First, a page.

The significant decline in Greek bond yields reflects the market’s confidence regarding the smooth completion of the bailout review and the prospect of the national debt restructuring. However, the bond yield curve remains negative for now as short-term bonds have higher yields and lower prices than their long-term counterparts. This means that the market continues to sees an increased risk in Greece in the short term.
Still, prices have covered much of the ground lost in the last year, with the spread of benchmark 10-year bonds – i.e. the yield difference compared to German bunds – dropping to 700 basis points, from over 1,000 bps at the start of the year. The returns on 10-year paper have reverted to 7.40 percent, from 19.2 percent in July 2015, and from 11.5 percent in mid-February, just three months ago.
Last week all yields of bonds expiring from 2023 to 2042 ranged between 7 and 7.4 percent, while the yield on paper maturing next year remained at 7.7 percent, and that expiring in 2019 at 7.4 percent.
The next crucial dates are Tuesday with the Eurogroup in Brussels, and then June 2, when the European Central Bank board meeting decides whether to include Greece in its quantitative easing (QE) program. It is obvious that the main investment tool for foreigners is bonds: When the ECB restores the eligibility of Greek bonds, in the context of its QE program, that will send bond prices higher.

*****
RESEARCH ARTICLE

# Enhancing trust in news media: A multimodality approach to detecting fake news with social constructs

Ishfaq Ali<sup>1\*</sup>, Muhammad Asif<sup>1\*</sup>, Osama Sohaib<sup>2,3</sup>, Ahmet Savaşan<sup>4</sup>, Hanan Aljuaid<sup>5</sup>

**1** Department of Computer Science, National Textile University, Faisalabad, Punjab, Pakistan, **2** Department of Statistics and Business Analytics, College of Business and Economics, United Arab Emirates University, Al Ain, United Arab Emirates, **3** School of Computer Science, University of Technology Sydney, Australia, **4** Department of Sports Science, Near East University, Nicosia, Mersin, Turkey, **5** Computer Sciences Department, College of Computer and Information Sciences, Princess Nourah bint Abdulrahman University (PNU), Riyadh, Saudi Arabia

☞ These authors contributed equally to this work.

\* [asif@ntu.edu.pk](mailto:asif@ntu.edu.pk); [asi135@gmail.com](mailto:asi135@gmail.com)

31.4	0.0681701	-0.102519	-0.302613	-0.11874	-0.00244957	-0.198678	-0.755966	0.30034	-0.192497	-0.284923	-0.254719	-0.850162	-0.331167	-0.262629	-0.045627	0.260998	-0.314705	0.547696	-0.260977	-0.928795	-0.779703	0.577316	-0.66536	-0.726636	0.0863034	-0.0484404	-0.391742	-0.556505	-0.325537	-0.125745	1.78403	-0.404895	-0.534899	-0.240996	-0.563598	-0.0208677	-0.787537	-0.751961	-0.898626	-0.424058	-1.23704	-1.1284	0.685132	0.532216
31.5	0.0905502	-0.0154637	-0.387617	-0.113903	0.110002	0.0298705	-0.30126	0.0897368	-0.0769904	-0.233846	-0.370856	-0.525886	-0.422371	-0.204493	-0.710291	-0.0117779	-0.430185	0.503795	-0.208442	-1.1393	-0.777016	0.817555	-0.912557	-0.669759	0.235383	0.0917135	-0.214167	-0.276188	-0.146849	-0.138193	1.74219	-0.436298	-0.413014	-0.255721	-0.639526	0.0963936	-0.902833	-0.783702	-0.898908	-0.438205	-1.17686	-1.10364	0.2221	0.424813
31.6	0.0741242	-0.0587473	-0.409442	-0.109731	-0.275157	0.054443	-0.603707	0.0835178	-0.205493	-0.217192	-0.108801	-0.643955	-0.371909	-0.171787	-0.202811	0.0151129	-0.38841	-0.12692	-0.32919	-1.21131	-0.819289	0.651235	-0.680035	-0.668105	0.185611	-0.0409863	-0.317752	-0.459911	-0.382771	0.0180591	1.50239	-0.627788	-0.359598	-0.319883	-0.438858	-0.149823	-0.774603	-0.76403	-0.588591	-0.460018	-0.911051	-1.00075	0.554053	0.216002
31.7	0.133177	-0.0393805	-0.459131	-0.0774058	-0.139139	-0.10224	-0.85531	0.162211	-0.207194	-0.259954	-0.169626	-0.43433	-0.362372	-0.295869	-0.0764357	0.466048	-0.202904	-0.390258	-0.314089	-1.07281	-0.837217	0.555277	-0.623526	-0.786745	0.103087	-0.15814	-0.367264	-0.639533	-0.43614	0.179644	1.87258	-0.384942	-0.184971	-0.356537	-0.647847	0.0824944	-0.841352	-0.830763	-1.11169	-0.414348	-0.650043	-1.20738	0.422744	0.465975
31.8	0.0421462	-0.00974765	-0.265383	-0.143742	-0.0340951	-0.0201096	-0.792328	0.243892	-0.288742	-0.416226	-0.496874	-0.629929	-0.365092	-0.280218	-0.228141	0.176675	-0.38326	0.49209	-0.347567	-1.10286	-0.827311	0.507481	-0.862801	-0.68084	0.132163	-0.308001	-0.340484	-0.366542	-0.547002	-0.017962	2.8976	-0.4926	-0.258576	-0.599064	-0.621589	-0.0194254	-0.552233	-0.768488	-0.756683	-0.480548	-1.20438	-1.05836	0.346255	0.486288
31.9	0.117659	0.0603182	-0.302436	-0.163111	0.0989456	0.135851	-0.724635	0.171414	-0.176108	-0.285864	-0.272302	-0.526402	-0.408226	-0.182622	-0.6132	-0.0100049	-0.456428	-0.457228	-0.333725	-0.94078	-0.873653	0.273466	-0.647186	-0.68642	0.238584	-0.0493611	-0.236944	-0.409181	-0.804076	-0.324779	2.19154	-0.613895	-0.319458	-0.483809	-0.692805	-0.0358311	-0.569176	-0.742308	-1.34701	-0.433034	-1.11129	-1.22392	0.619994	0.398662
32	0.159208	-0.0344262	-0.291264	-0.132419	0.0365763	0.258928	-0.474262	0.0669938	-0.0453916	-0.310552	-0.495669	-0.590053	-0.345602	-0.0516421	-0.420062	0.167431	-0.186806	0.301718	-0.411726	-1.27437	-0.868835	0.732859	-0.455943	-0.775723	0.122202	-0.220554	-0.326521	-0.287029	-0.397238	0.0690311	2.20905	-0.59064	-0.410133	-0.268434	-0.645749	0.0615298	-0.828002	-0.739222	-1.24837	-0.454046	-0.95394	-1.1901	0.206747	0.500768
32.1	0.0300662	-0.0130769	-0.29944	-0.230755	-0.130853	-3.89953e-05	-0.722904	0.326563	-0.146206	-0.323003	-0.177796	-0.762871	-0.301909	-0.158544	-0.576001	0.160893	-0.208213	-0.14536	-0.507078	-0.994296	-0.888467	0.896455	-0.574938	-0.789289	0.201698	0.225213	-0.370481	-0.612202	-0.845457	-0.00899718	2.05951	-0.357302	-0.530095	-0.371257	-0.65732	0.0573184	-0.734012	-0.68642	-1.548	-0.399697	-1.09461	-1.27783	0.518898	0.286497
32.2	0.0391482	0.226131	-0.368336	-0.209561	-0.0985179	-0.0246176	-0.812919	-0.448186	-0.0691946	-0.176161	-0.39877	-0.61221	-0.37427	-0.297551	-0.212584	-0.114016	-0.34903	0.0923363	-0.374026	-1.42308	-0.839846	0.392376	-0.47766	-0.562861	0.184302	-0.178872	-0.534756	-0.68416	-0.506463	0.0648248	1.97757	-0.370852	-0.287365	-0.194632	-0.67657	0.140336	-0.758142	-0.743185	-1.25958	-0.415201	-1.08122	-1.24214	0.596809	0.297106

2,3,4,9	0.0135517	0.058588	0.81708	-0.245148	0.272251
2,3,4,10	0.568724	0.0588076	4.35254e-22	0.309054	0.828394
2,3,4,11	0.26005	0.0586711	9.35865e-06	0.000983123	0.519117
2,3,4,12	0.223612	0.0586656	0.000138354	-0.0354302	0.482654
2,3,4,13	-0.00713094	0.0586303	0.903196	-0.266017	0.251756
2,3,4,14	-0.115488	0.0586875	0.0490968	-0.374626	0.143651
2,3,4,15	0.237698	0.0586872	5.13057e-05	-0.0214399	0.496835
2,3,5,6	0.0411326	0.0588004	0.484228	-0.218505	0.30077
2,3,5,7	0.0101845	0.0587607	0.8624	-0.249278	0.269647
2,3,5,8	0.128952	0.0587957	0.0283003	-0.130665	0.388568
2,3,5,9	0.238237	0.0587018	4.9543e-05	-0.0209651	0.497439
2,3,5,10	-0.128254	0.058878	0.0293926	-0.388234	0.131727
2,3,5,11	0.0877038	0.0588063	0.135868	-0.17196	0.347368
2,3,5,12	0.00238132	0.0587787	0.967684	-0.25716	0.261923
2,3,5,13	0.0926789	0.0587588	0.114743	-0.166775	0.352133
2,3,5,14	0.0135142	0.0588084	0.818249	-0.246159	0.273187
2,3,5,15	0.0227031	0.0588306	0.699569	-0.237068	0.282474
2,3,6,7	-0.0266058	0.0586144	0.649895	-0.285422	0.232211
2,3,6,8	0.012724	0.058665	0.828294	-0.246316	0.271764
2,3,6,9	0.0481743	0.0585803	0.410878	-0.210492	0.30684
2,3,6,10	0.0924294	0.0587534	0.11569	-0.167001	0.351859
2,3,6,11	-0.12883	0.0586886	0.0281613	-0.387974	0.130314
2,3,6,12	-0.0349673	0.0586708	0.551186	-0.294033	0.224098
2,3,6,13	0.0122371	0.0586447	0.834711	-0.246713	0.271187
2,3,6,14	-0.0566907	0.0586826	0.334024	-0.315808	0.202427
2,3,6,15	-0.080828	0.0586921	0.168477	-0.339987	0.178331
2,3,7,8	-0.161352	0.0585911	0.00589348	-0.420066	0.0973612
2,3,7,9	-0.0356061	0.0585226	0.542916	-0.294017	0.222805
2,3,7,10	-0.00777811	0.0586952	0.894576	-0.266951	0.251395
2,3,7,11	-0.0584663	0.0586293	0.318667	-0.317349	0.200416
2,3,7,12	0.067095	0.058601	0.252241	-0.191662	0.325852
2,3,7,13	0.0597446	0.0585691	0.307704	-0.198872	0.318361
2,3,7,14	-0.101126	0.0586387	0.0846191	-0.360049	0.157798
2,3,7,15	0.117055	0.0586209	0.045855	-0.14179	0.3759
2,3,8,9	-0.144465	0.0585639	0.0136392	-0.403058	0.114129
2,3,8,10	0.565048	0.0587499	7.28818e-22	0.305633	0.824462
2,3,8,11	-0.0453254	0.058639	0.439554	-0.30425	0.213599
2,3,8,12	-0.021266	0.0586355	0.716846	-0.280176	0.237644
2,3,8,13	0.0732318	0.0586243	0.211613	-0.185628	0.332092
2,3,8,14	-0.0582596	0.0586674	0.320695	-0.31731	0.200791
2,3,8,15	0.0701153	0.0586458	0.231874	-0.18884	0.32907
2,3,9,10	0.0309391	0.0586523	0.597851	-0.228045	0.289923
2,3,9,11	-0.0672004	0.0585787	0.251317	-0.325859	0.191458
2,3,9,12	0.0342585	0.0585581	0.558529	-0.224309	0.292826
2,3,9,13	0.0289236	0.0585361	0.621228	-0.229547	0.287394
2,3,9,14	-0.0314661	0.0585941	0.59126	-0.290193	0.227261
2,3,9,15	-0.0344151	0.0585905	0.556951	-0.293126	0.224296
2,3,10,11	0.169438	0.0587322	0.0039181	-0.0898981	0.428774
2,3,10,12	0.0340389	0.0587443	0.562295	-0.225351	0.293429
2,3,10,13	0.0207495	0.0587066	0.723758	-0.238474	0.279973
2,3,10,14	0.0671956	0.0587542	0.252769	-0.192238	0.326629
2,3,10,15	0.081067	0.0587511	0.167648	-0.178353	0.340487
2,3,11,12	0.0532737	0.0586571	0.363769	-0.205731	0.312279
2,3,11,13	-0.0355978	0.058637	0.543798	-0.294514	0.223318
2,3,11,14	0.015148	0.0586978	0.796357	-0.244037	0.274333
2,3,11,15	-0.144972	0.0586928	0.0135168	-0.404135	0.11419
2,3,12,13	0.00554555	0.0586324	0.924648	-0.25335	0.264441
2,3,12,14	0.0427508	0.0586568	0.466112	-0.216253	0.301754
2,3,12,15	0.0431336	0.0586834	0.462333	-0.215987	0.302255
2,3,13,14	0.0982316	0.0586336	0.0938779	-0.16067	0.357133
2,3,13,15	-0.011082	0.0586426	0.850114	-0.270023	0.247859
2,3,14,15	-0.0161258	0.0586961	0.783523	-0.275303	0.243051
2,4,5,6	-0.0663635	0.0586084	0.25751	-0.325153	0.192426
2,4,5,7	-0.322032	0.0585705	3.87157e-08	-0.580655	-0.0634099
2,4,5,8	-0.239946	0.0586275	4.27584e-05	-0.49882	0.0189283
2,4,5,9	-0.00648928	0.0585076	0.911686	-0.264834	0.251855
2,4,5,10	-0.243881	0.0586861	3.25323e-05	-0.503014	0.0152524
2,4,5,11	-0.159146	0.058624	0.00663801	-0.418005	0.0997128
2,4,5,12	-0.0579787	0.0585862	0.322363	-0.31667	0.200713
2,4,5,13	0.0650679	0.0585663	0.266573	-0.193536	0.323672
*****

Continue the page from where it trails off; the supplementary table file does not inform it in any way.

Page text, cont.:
The same occurred a few weeks ago with the bonds of Greek banks that were included in the ECB’s to-buy list, sending their prices soaring. If this trend continues, it won’t just benefit banks significantly, but Greek enterprises in general. This serves to explain the significant rise in prices and trading volume on the Athens stock market recently.
However, for more quality buyers to invest in the Greek bond market than the funds currently active in it, Greece will also require credit rating upgrades. At the moment Standard & Poor’s has Greece on B-, Moody’s on Caa3 and Fitch on CCC. Moody’s will review its rating on June 24, a day after the British referendum on EU membership, followed by S&P on July 22 and Fitch on September 2.